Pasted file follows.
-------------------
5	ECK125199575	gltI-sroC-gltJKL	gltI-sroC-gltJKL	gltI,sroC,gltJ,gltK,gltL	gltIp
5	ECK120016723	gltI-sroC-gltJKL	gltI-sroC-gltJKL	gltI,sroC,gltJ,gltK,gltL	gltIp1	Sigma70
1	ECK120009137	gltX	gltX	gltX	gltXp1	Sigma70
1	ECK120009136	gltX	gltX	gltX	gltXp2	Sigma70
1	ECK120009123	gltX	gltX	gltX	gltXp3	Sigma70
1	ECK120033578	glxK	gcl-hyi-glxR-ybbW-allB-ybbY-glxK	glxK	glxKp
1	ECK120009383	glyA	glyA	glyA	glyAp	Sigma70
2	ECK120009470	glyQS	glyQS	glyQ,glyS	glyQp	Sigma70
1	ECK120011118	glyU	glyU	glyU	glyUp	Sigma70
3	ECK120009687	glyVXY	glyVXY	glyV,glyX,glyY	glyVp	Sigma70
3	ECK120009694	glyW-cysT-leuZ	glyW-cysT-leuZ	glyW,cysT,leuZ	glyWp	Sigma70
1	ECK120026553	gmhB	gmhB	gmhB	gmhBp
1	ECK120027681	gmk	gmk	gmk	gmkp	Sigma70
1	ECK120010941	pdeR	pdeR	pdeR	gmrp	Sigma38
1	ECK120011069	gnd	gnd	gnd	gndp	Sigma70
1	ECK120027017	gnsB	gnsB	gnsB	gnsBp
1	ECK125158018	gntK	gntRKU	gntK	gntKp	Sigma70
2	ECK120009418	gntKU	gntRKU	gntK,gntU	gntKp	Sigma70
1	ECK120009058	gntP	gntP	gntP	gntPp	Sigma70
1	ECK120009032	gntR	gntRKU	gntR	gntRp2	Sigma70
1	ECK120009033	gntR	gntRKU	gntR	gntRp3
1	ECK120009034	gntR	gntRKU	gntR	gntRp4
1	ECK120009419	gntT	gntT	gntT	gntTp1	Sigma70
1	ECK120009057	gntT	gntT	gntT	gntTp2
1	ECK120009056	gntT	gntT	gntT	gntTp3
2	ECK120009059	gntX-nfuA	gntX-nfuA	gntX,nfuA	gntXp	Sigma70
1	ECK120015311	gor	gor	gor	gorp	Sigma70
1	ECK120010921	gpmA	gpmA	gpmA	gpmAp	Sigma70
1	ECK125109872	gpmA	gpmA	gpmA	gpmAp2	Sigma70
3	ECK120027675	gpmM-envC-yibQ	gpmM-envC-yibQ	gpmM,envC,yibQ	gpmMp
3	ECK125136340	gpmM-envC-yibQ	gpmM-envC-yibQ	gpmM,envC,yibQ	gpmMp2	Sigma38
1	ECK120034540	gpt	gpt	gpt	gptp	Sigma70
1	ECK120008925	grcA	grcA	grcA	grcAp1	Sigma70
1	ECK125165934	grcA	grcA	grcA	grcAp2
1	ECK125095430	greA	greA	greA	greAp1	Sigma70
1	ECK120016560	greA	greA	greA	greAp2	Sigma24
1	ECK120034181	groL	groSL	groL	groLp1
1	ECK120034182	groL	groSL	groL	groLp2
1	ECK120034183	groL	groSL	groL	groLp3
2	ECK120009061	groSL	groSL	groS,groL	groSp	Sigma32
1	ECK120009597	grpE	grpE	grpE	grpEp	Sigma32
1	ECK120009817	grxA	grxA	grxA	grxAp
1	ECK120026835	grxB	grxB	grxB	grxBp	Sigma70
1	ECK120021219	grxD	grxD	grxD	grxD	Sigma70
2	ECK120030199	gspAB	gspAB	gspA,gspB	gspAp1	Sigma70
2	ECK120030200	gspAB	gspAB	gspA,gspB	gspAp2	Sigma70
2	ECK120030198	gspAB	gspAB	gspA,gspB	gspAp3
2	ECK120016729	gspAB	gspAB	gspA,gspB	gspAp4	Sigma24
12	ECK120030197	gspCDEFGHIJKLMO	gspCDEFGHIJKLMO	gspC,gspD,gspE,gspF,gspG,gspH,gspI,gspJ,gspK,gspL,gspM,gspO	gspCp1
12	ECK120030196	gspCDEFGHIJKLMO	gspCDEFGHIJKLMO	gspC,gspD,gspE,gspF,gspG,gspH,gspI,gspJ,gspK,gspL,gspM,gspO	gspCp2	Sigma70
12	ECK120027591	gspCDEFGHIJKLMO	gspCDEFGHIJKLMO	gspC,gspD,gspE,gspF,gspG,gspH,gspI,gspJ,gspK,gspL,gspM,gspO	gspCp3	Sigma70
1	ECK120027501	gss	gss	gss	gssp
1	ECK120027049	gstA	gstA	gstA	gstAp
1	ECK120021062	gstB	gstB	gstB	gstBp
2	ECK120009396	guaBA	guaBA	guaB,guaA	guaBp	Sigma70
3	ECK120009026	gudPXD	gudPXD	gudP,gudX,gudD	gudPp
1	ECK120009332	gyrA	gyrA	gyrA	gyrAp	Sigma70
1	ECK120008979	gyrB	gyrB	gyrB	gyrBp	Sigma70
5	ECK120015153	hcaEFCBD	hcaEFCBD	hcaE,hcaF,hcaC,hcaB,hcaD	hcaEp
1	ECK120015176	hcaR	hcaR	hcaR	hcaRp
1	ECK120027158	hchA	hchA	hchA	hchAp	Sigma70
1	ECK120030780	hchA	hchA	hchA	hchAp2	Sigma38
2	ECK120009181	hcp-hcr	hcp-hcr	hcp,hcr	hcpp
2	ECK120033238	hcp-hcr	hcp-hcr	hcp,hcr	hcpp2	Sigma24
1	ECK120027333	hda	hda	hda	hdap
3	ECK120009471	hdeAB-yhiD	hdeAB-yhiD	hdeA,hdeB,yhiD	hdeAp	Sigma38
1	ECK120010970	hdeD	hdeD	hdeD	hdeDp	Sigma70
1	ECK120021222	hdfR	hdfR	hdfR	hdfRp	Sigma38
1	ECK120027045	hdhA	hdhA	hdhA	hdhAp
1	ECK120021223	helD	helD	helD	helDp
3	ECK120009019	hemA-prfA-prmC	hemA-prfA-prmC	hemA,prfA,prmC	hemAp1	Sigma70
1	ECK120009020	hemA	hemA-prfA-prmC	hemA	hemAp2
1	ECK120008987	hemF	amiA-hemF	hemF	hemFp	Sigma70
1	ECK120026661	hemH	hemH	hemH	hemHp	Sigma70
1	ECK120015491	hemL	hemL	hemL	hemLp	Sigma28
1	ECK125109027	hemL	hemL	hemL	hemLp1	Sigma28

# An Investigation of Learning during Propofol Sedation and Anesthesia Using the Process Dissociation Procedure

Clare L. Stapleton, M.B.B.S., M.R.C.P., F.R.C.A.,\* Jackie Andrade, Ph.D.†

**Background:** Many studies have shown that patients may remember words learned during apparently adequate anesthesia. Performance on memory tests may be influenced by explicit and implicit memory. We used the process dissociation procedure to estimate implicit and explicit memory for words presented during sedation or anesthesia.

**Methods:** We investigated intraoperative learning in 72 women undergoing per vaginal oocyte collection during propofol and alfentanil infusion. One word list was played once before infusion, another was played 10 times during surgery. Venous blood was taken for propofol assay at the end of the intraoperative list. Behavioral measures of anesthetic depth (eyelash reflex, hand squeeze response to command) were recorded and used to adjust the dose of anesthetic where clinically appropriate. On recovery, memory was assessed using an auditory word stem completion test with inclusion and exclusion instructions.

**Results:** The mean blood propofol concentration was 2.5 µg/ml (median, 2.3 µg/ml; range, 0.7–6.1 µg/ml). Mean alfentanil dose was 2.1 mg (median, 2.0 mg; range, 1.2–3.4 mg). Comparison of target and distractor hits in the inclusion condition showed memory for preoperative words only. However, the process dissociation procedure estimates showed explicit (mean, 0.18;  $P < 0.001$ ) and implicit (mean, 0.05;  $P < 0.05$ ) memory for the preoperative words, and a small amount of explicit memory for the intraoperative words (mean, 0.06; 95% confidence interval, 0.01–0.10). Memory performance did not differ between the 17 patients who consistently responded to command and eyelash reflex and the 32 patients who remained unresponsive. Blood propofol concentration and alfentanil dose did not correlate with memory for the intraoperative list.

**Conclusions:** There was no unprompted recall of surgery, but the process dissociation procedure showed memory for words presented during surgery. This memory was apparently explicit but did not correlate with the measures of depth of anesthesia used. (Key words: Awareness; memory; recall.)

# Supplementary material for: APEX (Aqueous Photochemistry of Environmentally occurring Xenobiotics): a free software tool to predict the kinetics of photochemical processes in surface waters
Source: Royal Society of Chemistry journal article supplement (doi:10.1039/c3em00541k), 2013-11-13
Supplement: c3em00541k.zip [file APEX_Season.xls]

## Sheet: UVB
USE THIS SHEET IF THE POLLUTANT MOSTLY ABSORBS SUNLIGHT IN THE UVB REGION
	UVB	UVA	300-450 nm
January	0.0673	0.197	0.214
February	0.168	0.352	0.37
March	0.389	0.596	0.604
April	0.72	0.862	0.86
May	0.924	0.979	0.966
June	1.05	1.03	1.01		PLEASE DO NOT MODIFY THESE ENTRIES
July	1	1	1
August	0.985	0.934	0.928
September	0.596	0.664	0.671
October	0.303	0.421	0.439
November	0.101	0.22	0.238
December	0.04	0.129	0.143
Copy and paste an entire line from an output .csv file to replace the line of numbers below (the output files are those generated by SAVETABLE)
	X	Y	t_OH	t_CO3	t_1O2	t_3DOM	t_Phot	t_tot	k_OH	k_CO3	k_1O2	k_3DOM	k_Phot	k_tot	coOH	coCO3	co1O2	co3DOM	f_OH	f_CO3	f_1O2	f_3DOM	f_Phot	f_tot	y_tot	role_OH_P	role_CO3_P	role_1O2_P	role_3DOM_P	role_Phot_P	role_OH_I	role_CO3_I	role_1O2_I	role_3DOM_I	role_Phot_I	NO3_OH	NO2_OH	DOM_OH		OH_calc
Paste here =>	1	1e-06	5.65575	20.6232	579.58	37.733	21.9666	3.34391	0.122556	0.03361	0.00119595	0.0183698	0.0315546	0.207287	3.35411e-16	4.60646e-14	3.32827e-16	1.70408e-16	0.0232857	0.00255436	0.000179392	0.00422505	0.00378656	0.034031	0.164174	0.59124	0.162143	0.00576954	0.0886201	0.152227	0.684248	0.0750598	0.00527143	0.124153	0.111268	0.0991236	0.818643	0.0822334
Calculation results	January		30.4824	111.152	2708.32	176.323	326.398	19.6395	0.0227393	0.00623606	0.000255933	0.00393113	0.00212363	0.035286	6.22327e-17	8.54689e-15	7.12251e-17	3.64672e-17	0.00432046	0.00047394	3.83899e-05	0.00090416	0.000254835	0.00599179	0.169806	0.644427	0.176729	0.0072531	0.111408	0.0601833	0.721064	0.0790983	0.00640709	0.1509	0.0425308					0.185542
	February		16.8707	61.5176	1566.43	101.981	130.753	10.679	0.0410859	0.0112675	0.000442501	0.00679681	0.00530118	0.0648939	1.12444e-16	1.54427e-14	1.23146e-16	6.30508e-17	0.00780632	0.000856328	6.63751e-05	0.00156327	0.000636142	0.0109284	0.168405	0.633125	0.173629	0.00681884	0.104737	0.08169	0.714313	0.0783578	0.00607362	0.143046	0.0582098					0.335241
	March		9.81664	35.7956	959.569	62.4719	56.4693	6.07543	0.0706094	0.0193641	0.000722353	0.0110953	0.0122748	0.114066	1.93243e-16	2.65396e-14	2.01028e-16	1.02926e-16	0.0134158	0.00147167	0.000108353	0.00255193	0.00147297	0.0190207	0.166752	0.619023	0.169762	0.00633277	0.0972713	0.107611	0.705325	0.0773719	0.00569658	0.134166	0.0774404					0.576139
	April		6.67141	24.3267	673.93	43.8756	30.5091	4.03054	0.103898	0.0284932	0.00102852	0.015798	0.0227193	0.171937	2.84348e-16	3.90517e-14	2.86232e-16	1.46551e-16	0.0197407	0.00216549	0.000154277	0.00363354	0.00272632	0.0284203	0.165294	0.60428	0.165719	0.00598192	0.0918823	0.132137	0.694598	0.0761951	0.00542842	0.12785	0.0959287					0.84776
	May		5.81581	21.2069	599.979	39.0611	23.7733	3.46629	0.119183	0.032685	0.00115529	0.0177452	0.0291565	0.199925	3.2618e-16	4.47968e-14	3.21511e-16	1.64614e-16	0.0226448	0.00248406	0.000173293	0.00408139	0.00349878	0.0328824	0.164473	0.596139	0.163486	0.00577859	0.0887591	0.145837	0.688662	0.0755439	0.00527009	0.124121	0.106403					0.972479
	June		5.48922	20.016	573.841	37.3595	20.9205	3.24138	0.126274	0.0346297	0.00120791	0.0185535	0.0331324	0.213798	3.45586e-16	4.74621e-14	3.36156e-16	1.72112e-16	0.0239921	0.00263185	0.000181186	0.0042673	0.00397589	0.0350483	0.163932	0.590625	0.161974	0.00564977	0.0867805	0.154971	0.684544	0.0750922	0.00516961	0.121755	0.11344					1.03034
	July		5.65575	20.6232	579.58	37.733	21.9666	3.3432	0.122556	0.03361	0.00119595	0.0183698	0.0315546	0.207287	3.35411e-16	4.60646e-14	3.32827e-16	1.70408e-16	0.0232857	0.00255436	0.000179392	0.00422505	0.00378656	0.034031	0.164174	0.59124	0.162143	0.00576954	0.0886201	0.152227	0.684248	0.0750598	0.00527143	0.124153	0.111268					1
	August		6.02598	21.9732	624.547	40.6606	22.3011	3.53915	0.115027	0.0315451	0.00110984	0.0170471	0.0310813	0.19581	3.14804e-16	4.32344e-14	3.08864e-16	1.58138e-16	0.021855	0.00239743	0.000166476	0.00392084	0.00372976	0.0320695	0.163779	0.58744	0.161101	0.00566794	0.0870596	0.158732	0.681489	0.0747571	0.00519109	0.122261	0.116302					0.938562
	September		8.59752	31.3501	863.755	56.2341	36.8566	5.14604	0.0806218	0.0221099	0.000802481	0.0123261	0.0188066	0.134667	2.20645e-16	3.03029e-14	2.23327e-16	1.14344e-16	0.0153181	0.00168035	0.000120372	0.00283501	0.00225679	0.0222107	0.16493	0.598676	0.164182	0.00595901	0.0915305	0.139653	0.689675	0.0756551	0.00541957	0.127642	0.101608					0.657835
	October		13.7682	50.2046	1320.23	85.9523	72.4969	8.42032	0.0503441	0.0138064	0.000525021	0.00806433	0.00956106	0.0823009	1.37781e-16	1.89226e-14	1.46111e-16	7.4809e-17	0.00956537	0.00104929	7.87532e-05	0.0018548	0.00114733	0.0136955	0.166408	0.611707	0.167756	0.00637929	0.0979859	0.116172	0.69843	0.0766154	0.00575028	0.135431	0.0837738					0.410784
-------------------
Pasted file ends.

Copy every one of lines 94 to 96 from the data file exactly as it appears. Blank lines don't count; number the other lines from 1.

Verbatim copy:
June	1.05	1.03	1.01		PLEASE DO NOT MODIFY THESE ENTRIES
July	1	1	1
August	0.985	0.934	0.928